**whichND**

Return the coordinates of non-zero values in a mask.

WhichND returns the N−dimensional coordinates of each nonzero value in a mask PDL with any number of dimensions. The returned values arrive as an array-of-vectors suitable for use in indexND or range.

$coords = whichND($mask);

returns a PDL containing the coordinates of the elements that are non-zero in `$mask`, suitable for use in indexND. The 0th dimension contains the full coordinate listing of each point; the 1st dimension lists all the points. For example, if `$mask` has rank 4 and 100 matching elements, then `$coords` has dimension 4x100.

If no such elements exist, then whichND returns a structured empty PDL: an Nx0 PDL that contains no values (but matches, threading-wise, with the vectors that would be produced if such elements existed).

DEPRECATED BEHAVIOR IN LIST CONTEXT:

whichND once delivered different values in list context than in scalar context, for historical reasons. In list context, it returned the coordinates transposed, as a collection of 1−PDLs (one per dimension) in a list. This usage is deprecated in PDL 2.4.10, and will cause a warning to be issued every time it is encountered. To avoid the warning, you can set the global variable "$PDL::whichND" to ’s’ to get scalar behavior in all contexts, or to ’l’ to get list behavior in list context.

In later versions of PDL , the deprecated behavior will disappear. Deprecated list context whichND expressions can be replaced with:

@list = $a−>whichND−>mv(0,−1)−>dog;

SEE ALSO:

which finds coordinates of nonzero values in a 1−D mask.

where extracts values from a data PDL that are associated with nonzero values in a mask PDL .

pdl> $a=sequence(10,10,3,4) pdl> ($x, $y, $z, $w)=whichND($a == 203); p $x, $y, $z, $w [3] [0] [2] [0] pdl> print $a−>at(list(cat($x,$y,$z,$w))) 203

**setops**

Implements simple set operations like union and intersection

Usage: $set = setops($a, <OPERATOR>, $b);

The operator can be `"OR"`, `"XOR"` or `"AND"`. This is then applied to `$a` viewed as a set and `$b` viewed as a set. Set theory says that a set may not have two or more identical elements, but setops takes care of this for you, so `"$a=pdl(1,1,2)"` is OK . The functioning is as follows:

"OR"

The resulting vector will contain the elements that are either in `$a` *or* in `$b` or both. This is the union in set operation terms

"XOR"

The resulting vector will contain the elements that are either in `$a` or `$b`, but not in both. This is

Union($a, $b) − Intersection($a, $b)

in set operation terms.

"AND"

The resulting vector will contain the intersection of `$a` and `$b`, so the elements that are in both `$a` and `$b`. Note that for convenience this operation is also aliased to intersect

It should be emphasized that these routines are used when one or both of the sets `$a`, `$b` are hard to calculate or that you get from a separate subroutine.

Finally IDL users might be familiar with Craig Markwardt’s `"cmset_op.pro"` routine which has inspired this routine although it was written independently However the present routine has a few less options (but see the exampels)

You will very often use these functions on an index vector, so that is what we will show here. We will in fact something slightly silly. First we will find all squares that are also cubes below 10000.

Create a sequence vector:

pdl> $x = sequence(10000)

Find all odd and even elements:

pdl> ($even, $odd) = which_both( ($x % 2) == 0)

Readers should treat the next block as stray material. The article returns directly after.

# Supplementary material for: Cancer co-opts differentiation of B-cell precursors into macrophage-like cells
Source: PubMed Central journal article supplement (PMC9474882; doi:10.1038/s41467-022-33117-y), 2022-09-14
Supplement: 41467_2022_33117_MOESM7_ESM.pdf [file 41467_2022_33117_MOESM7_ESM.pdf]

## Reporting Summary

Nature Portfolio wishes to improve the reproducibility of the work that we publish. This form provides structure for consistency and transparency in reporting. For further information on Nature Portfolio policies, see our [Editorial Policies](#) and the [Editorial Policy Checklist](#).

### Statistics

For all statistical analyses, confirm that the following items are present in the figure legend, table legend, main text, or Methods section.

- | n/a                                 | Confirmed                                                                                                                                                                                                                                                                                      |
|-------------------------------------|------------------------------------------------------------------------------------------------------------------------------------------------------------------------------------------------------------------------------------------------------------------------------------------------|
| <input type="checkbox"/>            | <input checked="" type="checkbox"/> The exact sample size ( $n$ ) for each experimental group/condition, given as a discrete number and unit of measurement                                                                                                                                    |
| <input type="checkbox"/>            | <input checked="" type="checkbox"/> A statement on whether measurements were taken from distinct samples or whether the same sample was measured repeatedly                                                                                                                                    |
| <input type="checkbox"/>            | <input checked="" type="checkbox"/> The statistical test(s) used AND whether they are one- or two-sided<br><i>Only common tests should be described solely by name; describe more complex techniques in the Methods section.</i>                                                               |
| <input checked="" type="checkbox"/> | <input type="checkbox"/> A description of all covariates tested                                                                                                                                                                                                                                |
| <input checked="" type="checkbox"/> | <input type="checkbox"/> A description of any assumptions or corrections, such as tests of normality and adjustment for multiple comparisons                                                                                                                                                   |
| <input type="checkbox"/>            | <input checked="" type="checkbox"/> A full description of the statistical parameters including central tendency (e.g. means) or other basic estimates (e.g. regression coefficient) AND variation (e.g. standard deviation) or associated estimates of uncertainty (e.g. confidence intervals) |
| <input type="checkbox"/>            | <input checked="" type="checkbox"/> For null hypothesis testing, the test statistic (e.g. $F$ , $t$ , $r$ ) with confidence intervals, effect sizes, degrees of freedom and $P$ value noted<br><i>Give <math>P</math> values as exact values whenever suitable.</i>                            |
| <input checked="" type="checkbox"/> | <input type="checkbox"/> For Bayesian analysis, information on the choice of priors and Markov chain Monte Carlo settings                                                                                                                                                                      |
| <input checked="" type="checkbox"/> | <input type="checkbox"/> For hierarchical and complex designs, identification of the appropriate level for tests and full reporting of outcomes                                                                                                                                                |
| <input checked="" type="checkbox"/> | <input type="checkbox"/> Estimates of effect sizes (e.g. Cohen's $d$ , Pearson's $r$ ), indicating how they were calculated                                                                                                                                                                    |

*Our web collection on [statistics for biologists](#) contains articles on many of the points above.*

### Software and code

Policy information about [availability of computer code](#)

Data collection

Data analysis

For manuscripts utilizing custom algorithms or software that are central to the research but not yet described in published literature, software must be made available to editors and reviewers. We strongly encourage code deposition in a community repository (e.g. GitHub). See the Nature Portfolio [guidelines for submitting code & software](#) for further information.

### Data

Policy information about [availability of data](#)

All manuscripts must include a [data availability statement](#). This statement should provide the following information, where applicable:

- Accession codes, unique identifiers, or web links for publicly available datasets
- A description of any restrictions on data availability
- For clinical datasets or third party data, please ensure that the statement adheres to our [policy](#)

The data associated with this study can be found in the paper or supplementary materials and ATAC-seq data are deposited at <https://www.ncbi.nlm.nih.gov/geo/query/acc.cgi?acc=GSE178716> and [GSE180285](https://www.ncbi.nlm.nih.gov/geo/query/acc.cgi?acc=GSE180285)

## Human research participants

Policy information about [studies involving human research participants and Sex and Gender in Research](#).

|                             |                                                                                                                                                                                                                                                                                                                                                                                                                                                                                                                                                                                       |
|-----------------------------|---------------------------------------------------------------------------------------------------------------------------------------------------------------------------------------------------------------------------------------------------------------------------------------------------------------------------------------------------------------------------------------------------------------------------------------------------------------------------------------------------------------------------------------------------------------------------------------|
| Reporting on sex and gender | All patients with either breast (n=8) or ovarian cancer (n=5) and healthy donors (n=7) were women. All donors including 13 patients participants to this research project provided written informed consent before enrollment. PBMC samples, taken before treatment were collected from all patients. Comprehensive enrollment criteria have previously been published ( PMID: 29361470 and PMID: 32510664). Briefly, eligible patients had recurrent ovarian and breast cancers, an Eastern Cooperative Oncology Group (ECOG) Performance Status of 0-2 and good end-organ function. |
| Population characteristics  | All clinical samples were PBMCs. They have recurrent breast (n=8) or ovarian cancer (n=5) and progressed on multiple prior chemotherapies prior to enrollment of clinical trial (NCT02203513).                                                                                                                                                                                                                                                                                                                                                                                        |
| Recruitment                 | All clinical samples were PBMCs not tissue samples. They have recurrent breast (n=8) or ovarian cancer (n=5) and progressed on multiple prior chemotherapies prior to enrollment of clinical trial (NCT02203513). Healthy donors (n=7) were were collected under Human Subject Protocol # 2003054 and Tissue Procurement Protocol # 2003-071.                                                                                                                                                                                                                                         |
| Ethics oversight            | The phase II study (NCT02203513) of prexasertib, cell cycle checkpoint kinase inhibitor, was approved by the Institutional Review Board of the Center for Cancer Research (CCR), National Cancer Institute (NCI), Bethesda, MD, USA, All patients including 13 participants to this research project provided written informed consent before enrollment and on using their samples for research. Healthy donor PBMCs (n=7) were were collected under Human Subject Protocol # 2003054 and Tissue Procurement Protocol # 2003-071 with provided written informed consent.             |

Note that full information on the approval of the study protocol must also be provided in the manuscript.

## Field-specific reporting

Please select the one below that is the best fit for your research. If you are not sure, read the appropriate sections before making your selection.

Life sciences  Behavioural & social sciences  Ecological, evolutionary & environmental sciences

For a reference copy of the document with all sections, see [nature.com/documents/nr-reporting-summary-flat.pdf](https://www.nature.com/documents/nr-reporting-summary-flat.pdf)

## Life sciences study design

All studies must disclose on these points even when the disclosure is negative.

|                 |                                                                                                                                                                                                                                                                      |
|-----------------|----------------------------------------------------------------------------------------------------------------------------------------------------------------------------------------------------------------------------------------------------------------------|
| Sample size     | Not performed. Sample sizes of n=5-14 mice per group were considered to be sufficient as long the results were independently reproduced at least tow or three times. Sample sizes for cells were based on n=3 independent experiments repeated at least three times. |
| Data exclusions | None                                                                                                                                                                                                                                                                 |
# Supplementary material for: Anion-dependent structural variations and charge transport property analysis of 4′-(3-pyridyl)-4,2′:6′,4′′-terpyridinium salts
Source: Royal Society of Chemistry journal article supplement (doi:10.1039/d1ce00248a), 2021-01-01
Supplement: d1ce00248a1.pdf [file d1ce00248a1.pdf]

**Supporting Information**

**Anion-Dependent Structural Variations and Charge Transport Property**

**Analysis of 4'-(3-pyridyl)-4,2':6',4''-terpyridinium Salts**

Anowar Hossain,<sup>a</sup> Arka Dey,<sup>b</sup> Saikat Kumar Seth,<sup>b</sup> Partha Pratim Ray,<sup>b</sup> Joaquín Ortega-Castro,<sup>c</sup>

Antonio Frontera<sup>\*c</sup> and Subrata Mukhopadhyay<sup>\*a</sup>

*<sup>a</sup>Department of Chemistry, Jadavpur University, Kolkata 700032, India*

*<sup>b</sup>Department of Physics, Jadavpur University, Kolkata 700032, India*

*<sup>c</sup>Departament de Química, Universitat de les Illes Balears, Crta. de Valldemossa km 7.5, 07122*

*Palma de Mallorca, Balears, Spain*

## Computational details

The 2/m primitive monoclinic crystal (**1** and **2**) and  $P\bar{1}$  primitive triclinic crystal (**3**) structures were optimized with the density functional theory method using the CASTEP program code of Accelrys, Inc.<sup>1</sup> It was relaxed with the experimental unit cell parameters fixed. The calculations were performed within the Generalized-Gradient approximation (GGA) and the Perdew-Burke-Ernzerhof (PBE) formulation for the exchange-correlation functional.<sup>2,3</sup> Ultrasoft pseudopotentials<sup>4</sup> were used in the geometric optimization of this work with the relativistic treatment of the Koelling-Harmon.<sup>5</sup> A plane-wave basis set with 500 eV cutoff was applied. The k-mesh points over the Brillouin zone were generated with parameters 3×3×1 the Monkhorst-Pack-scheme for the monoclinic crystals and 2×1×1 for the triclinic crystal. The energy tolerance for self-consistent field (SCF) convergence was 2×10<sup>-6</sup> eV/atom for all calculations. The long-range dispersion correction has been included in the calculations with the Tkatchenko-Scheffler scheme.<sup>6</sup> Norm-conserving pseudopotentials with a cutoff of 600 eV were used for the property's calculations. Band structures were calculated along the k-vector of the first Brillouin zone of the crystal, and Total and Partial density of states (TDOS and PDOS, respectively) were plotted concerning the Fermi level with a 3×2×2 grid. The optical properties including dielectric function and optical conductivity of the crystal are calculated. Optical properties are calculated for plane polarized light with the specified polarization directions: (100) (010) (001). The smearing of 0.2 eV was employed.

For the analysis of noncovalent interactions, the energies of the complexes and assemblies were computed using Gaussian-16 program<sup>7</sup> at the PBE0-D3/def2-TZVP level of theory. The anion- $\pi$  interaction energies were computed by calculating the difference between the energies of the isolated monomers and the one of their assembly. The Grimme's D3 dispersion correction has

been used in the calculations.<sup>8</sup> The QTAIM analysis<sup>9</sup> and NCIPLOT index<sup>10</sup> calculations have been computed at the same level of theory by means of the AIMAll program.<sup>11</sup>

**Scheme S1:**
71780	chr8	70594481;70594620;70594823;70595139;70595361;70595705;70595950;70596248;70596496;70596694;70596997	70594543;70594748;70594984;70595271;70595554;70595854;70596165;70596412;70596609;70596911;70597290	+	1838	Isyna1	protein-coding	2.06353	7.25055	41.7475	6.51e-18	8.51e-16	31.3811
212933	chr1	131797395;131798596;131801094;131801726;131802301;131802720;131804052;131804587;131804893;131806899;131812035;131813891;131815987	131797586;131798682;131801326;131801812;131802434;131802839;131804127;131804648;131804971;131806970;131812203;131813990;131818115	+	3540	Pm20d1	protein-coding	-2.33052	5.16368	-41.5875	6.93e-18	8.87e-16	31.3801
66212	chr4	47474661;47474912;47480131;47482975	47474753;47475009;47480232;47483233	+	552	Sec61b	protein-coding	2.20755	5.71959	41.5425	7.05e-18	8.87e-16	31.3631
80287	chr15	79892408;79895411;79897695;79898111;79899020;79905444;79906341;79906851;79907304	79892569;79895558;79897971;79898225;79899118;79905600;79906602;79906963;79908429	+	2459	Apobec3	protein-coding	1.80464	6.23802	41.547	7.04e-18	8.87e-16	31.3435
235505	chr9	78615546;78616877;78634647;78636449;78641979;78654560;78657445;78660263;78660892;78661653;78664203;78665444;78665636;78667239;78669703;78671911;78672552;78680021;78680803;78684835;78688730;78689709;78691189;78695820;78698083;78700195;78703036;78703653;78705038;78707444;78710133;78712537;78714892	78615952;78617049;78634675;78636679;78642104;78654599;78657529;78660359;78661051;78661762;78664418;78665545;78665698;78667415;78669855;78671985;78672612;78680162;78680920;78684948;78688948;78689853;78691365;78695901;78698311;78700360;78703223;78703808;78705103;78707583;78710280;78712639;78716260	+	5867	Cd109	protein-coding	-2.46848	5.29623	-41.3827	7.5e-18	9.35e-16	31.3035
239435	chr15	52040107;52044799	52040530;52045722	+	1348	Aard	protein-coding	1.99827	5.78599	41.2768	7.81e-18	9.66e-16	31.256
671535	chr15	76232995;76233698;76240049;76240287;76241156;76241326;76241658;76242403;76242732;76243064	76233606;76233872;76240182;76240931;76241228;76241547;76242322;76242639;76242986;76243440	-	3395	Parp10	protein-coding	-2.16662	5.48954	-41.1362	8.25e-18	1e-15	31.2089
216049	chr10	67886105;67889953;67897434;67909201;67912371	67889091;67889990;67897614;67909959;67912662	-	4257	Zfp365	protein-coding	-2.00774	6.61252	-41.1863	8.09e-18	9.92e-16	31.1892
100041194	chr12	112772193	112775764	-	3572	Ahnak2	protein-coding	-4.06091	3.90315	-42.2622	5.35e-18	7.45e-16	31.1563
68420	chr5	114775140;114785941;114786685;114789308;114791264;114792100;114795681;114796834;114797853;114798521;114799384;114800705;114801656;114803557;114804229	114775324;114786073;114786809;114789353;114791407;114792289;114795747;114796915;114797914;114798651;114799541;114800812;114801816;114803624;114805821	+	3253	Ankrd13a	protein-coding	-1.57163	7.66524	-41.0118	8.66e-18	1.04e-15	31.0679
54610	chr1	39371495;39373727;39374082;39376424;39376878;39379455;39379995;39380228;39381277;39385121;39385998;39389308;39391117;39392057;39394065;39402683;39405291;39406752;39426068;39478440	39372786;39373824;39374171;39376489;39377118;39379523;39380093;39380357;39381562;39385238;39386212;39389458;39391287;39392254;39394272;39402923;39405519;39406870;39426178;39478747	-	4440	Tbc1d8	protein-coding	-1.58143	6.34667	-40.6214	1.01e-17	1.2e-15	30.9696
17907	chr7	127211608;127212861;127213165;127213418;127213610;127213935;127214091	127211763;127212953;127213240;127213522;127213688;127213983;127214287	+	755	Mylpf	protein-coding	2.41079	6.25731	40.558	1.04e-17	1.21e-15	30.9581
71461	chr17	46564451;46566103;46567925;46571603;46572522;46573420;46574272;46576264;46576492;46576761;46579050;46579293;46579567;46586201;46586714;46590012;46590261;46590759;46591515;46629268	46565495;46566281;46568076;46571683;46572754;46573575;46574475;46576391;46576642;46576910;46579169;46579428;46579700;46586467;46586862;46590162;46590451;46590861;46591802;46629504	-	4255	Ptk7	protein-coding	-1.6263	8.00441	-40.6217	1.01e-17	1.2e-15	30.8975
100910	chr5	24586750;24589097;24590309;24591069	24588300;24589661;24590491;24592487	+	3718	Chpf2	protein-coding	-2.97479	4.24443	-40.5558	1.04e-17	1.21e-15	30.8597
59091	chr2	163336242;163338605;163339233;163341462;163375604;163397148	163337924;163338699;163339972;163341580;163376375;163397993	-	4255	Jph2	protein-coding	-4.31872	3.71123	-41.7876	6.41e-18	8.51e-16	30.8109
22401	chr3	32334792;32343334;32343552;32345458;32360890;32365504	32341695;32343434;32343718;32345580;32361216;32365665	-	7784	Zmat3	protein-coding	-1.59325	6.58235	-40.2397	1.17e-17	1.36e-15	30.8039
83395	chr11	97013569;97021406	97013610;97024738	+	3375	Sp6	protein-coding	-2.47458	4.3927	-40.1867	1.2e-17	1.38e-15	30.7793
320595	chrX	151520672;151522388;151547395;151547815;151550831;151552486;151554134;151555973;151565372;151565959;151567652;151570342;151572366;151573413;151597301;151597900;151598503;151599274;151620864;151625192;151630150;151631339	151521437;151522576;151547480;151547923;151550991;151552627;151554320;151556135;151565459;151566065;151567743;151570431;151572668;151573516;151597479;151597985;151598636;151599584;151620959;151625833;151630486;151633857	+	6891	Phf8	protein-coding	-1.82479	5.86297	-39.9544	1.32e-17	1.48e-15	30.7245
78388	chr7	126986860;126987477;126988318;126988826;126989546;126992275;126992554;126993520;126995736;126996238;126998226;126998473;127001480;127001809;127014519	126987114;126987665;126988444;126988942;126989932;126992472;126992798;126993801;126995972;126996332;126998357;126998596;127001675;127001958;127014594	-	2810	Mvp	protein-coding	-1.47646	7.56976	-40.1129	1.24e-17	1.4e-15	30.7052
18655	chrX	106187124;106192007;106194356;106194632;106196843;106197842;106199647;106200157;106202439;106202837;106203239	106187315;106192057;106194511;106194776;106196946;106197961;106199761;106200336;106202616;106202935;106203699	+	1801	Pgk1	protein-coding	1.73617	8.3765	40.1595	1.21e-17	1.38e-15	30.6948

Find all squares

pdl> $squares= which(ceil(sqrt($x)) == floor(sqrt($x)))

Find all cubes (being careful with roundoff error!)

pdl> $cubes= which(ceil($x**(1.0/3.0)) == floor($x**(1.0/3.0)+1e−6))

Then find all squares that are cubes:

pdl> $both = setops($squares, 'AND', $cubes)

And print these (assumes that `"PDL::NiceSlice"` is loaded!)

pdl> p $x($both) [0 1 64 729 4096]

Then find all numbers that are either cubes or squares, but not both:

pdl> $cube_xor_square = setops($squares, 'XOR', $cubes) pdl> p $cube_xor_square−>nelem() 112

So there are a total of 112 of these!

Finally find all odd squares:

pdl> $odd_squares = setops($squares, 'AND', $odd)

Another common occurance is to want to get all objects that are in `$a` and in the complement of `$b`. But it is almost always best to create the complement explicitly since the universe that both are taken from is not known. Thus use which_both if possible to keep track of complements.

If this is impossible the best approach is to make a temporary:

This creates an index vector the size of the universe of the sets and set all elements in `$b` to 0

pdl> $tmp = ones($n_universe); $tmp($b)=0;

This then finds the complement of `$b`

`pdl> $C_b = which($tmp == 1);`

and this does the final selection:

pdl> $set = setops($a, 'AND', $C_b)

**intersect**

Calculate the intersection of two piddles

Usage: $set = intersect($a, $b);

This routine is merely a simple interface to setops. See that for more information

Find all numbers less that 100 that are of the form 2*y and 3*x

pdl> $x=sequence(100) pdl> $factor2 = which( ($x % 2) == 0) pdl> $factor3 = which( ($x % 3) == 0) pdl> $ii=intersect($factor2, $factor3) pdl> p $x($ii) [0 6 12 18 24 30 36 42 48 54 60 66 72 78 84 90 96]

Copyright (C) Tuomas J. Lukka 1997 (lukka AT husc DOT harvard DOT edu). Contributions by Christian Soeller (c DOT soeller AT auckland DOT ac DOT nz), Karl Glazebrook (kgb AT aaoepp DOT aao DOT gov DOT au), Craig DeForest (deforest AT boulder DOT swri DOT edu) and Jarle Brinchmann (jarle AT astro DOT up DOT pt) All rights reserved. There is no warranty. You are allowed to redistribute this software / documentation under certain conditions. For details, see the file COPYING in the PDL distribution. If this file is separated from the PDL distribution, the copyright notice should be included in the file.

Updated for CPAN viewing compatibility by David Mertens.